Westboro Baptist Church Loses Challenge to Ordinance Prohibiting Picketing of Funeral Service

Westboro Baptist Church is a church that loves to be hated. It is a small group (Shirley and Megan Phelps-Roper and others) that pickets funerals of dead veterans with signs that state that the veterans died because of God’s wrath against the United States for homosexuality. Westboro Baptist Church is back in the news in an unexpected and extraordinary way.

The Eighth Circuit Court of Appeals sitting en banc reversed an earlier 2011 decision by a panel for the 8th Circuit, involving a City of Manchester, Missouri ordinance that prohibited picketing within 300 feet, one hour before and after a funeral or burial service (Ordinance). The earlier 2011 opinion – in the same case – by a panel of three judges held that the Ordinance violated the Free Speech Clause of the First Amendment; however after a motion for rehearing was sustained the 8th   Circuit sitting en banc – with 11 judges participating – unanimously held that the Ordinance was constitutional under the Free Speech Clause.  What is going on and why the 180 degree reversal?  First, lets get our bearings and examine the 2012 en banc decision.

The 8th Circuit in its 2012 opinion concluded that the City’s Ordinance was content neutral and was a reasonable time, place, and, manner regulation under the Free Speech Clause of the First Amendment. The 8th Circuit reasoned that an earlier U. S. Supreme Court decision upholding a complete ban of picketing “before or about” a residence to protect “the well-being, tranquility, and privacy of the home” supported a conclusion that there is a similar privacy interest in the rights of those in mourning at a funeral or at a burial service. In the case banning residential picketing the Supreme Court concluded there “simply is no right to force speech into the home of an unwilling listener;” therefore the government could protect the privacy of a captive homeowner by prohibiting picketing of residential homes.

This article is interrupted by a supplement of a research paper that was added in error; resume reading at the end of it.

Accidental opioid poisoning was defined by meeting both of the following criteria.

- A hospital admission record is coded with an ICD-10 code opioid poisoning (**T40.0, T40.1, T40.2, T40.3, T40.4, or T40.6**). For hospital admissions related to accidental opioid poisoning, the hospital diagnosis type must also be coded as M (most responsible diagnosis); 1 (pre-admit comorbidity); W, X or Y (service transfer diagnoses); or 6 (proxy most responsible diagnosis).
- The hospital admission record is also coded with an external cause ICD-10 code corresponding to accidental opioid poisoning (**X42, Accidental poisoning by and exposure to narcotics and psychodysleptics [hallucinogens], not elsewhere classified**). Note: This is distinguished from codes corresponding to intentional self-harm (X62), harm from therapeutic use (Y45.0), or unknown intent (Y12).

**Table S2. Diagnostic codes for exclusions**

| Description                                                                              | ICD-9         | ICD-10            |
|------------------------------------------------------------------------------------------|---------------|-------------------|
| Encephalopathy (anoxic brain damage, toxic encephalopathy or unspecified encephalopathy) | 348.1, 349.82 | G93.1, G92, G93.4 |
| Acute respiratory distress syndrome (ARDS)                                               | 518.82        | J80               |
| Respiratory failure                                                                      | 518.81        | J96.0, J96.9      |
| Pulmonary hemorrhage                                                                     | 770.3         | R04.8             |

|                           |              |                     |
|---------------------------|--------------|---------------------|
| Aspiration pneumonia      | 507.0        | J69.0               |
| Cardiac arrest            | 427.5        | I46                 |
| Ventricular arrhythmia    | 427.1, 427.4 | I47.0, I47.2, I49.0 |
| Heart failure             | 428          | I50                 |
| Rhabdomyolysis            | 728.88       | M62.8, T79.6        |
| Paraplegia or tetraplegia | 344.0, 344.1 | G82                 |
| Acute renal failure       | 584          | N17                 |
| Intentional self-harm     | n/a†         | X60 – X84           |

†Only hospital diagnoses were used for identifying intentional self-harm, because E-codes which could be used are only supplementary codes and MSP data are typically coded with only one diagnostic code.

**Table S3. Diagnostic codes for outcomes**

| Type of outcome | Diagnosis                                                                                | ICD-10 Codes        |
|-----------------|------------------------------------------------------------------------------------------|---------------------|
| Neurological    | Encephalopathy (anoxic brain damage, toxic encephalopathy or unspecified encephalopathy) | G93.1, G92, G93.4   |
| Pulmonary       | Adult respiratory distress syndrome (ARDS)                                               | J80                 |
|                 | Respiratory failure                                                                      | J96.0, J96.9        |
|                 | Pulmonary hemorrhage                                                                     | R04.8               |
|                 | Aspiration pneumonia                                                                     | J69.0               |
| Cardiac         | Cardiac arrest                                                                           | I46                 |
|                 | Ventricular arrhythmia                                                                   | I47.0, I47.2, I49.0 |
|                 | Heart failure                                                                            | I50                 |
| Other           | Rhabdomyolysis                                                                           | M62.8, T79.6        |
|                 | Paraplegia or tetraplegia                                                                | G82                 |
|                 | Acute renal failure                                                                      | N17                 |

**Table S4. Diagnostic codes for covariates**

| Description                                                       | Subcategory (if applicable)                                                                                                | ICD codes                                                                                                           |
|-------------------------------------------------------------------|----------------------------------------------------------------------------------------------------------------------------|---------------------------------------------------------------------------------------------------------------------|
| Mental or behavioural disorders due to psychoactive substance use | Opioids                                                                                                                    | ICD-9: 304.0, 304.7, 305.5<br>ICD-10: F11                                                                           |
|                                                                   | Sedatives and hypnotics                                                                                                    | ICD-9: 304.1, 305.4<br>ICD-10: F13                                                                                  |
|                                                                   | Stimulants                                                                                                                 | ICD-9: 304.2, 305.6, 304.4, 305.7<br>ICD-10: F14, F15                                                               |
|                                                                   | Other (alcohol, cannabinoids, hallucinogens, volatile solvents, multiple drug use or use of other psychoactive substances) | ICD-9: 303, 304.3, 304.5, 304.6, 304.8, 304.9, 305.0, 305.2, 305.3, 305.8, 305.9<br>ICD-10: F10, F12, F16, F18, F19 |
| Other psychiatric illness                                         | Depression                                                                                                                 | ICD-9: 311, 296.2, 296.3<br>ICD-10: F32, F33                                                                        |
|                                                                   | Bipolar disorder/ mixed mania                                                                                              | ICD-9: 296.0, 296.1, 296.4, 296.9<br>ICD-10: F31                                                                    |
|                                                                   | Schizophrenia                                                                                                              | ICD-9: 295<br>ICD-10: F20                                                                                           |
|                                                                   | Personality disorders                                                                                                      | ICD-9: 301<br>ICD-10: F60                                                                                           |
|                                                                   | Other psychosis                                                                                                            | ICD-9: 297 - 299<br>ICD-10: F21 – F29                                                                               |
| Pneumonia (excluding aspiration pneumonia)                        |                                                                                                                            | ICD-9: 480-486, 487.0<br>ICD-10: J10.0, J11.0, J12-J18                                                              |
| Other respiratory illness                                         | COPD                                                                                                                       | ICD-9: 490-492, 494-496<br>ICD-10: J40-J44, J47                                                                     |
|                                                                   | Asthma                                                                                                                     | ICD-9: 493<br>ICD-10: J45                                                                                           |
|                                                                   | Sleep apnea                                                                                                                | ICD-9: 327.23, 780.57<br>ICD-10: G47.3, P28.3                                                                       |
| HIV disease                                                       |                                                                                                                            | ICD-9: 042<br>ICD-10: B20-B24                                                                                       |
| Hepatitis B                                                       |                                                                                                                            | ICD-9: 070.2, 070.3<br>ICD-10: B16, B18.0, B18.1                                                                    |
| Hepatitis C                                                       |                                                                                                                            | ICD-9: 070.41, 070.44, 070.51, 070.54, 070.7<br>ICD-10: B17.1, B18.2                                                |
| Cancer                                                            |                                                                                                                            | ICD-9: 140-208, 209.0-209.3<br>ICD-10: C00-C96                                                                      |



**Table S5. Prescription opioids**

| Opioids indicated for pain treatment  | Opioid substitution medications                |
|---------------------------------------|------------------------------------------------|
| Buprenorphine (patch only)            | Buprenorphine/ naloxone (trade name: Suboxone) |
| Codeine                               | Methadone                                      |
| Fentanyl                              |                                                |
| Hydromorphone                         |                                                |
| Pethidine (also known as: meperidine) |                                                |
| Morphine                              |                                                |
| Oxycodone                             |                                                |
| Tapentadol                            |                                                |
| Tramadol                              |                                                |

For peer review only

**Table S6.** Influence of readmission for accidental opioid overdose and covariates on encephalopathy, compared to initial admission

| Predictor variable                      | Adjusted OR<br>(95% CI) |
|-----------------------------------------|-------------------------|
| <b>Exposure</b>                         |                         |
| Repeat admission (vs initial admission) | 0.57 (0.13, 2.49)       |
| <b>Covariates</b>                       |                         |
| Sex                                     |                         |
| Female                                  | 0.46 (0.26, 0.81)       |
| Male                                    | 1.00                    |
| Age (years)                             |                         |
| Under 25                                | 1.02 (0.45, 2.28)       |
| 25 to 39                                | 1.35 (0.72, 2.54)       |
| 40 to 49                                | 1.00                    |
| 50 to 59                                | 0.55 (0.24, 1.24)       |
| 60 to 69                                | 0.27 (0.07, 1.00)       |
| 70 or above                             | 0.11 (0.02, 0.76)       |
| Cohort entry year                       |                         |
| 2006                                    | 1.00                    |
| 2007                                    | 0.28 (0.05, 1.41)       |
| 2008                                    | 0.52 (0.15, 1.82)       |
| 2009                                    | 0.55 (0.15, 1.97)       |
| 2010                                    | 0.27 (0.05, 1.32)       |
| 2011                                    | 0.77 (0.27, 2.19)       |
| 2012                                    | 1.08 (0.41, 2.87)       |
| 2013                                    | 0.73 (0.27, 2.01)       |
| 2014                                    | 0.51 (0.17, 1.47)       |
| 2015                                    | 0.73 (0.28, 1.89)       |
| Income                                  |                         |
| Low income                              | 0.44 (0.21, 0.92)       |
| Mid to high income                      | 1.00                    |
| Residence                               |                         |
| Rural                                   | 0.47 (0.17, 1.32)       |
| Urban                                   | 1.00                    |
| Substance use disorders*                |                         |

Persons attending a funeral or burial service have a privacy interest similar to residents in being able to mourn their dead ones in peace and tranquility. In another analogous situation, the Supreme Court expanded the protected area beyond the home allowing a ban prohibiting certain picketing and noise near clinic entrances reasoning that the there is a strong interest to medical privacy,” by protecting “… a woman’s freedom to seek lawful medical … services” and “ensuring the public safety and order.” In addition, the Supreme Courts discussion of a ban on the distribution of pamphlets with 8 feet of a person entering a medical facility added weight to the 8th Circuit’s analysis.

The 8th Circuit reasoned – in its 2012 opinion – that the privacy interest of mourners at a funeral or burial service was significant and the Manchester Ordinance was limited as to time and location for one hour before and after the funeral or service and not closer than 300 feet. The Manchester Ordinance had a uniquely fixed time and location making it a classic time, place, and, manner limitation where the mourners are captive to their overwhelming human need to memorialize the deceased. Notwithstanding the strength of the reasoning by the 8th Circuit, one judge in a concurring opinion notes that the opinion plows new legal territory since there is no Supreme Court precedent to support their opinion.

Burial Service – time for tranquility and reflection

In an earlier Post on my blog I suggested that the 2011 decision by the Eighth Circuit was “The Beginning of the End” for picketing of funerals because the 2011 opinion of the 8th Circuit created a split of opinions between the 6th  Circuit, which upheld an ordinance similar to the Manchester Ordinance thereby increasing the likelihood that the Supreme Court would take this issue to resolve the split between the Circuits. This was not to be, since Westboro Baptist Church did not appeal the decision of the 6th Circuit, to the Supreme Court leaving the 6th  Circuits opinion intact. The 8th Circuits 2012 opinion relies heavily on the earlier opinion of the 6th Circuit.

So what is going on? In matters like this you can never be sure. One tell-tale sign was that Westboro Baptist Church did not appeal the opinion of the 6th Circuit indicating to me that they did not want to give the Supreme Court an opportunity to review a carefully drafted ordinance and a well thought out opinion upholding a limited ban on picketing of funerals. The opinion by the 8th Circuit is also very well-reasoned establishing a basis for upholding a limited time, place and manner on picketing of funerals. I doubt that Westboro Baptist Church wants to have the Supreme Court review the 2012 opinion of the 8th Circuit. After all they want to keep their game (Love to be Hated) going because they get so much publicity and disdain for their picketing. Besides there are more fertile grounds to be plowed since Congress has recently gotten into the act by enacting, “The Honoring America’s Veterans and Camp Lejeune Families Act of 2012,” which seems to be full of Free Speech violations. As you can see there are lots of moving parts, so stay tuned.

Howard Wright@ 2012

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